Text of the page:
Only 'scratching the surface,' best is yet to come for Witt in Royals blue

February 5th, 2024

KANSAS CITY – Bobby Witt Jr. is no stranger to pressure. His dad, Bobby Witt, was a 16-year Major League pitcher, and from the time “Junior” learned how to walk, he had a bat in his hand with a dream of playing baseball.

An incredible athlete, hype followed Witt through middle and high school, surrounded him when the Royals selected him No. 2 overall in the 2019 Draft and only picked up steam when he was named baseball’s No. 1 prospect ahead of his MLB debut in 2022.

It has not relinquished, in large part because he’s shown his talent is real, and it leveled up on Monday, when Witt signed the largest contract in Royals franchise history. It’s a deal worth $288.7 million over 11 guaranteed years with the possibility of going to $377.7 million over 14 years. To put that in perspective, the four largest contracts in Royals history were handed out to Salvador Perez ($82 million), Alex Gordon ($72 million), Ian Kennedy ($70 million) and Gil Meche ($55 million).

The value of those four combined ($279 million) is less than Witt’s guaranteed contract.

Certainly, the pressure is on Witt to perform; small-market teams rarely, if ever, hand out contracts of this magnitude, especially this early in a player’s career. Locking up Witt for the foreseeable future sends a message that the Royals want to firmly put last season’s 106 losses behind them and build a winner that is not afraid to spend money – with Witt as the centerpiece.

To that, Witt is likely saying: Bring it on. He enjoys the spotlight and big moments the game offers.

“No doubt,” Witt said this past weekend at Royals Rally. “It makes you go out there, and you have to prove something. That’s what you work for. That’s what you do each and every day when you’re in the offseason, when you’re up late at night looking at video, whatever it is. That’s why you play this game.”

Witt has spent this offseason honing his craft, looking to get stronger in every aspect of his game ahead of an important 2024 season. He’s looking to build off a historic season after hitting 30 homers and stealing 49 bases while slashing .276/.319/.495 with 96 RBIs and a Major League-leading 11 triples.

The 23-year-old matured defensively and became an all-around better player whose sights are still set on improving.

“Just getting stronger as a whole,” Witt said. “From bottom up, trying to be as physical as possible going into another year. Knowing what my body needs and what I need to do to get right and get ready. Little things, trying to make sure I’m ready for a good routine in the offseason. Not only working on getting strong but also working on mental performance.”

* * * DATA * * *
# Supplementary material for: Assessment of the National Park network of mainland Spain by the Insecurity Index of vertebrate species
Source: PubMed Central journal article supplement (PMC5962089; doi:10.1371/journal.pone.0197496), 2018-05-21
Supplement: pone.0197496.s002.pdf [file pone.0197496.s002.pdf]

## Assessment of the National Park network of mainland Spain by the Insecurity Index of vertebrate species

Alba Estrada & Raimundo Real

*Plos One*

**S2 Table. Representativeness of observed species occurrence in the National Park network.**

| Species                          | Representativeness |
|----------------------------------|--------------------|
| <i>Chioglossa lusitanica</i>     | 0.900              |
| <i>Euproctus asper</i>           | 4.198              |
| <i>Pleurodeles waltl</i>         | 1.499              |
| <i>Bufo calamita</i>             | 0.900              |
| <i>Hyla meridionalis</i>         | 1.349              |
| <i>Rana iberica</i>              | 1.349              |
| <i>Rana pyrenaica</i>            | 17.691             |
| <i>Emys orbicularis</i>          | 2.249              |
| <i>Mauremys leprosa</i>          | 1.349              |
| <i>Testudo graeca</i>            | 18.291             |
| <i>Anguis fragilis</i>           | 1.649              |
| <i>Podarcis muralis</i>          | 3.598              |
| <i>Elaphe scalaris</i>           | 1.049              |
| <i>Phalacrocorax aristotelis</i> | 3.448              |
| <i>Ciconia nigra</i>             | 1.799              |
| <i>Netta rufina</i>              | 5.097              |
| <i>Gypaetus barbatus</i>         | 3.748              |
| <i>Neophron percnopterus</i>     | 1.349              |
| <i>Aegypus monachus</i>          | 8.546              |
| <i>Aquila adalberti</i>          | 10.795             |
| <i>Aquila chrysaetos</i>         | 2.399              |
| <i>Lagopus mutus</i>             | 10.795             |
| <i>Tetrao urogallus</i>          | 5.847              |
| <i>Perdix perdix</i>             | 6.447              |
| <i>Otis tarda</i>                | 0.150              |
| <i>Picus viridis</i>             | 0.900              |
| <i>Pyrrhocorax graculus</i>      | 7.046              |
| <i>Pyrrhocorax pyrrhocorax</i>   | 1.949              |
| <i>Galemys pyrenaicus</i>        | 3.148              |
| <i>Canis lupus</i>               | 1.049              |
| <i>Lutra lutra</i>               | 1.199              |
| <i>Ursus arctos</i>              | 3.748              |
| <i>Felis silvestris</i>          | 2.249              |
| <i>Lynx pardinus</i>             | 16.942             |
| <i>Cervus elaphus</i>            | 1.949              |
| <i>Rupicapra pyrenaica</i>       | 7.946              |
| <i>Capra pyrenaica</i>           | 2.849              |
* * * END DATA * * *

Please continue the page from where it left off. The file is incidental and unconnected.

Witt lives for the high-pressure moments, but learning to use that to his advantage took some time. There were times his rookie season and last year when he wanted to turn the Royals’ misfortunes around on his own, and he ended up struggling.

Once he got back to being himself – “not being as hard on myself,” he says – things clicked. It’s why he had such a monster second half of the season, when he posted a .906 OPS while slashing his strikeout rate from 20.5% in the first half to 13.5% in the second.

“I went into last year kind of the same as my rookie year – I’m supposed to be this guy, No. 1 prospect on paper and everything,” Witt said. “I come in and try to put the whole team on me. Once I realized, ‘Just go out there and worry about today, don’t worry about what’s going to happen tomorrow or the next day,’ and just was myself, I think the second half of the season, it clicked. Went out there and tried to be as prepared as possible going into each and every day. Not worried about what’s going to happen tomorrow, not worrying about what happened May 1.”

That mental performance has been a point of focus for Witt this offseason. It’s another skill that puts him above the rest of the field. He’s 23 years old and already signed a mega-extension. But Witt won’t be stopping now, and neither will the Royals.

“I think he’s just scratching the surface on what he’s going to do as a player,” general manager J.J. Picollo said on Saturday. “As well as he played the back-half of the year, the last four months, I think we’re just starting to see what he could potentially do. It wouldn’t be shocking if he’s a 50-50 guy, wouldn’t be shocked if he ends up being a .320 hitter. He’s going to continue to get better as a hitter with pitch recognition and swing decisions, his defense is going to continue to get better. The sky’s the limit for him, and I think everybody on our team recognizes it.

“But also talking to the [new] guys that we have on our club now, they ask questions about Bobby. There’s a little bit of an aura factor that Bobby has that other players see. And we just want to keep surrounding him with good players so he doesn’t put too much on himself.”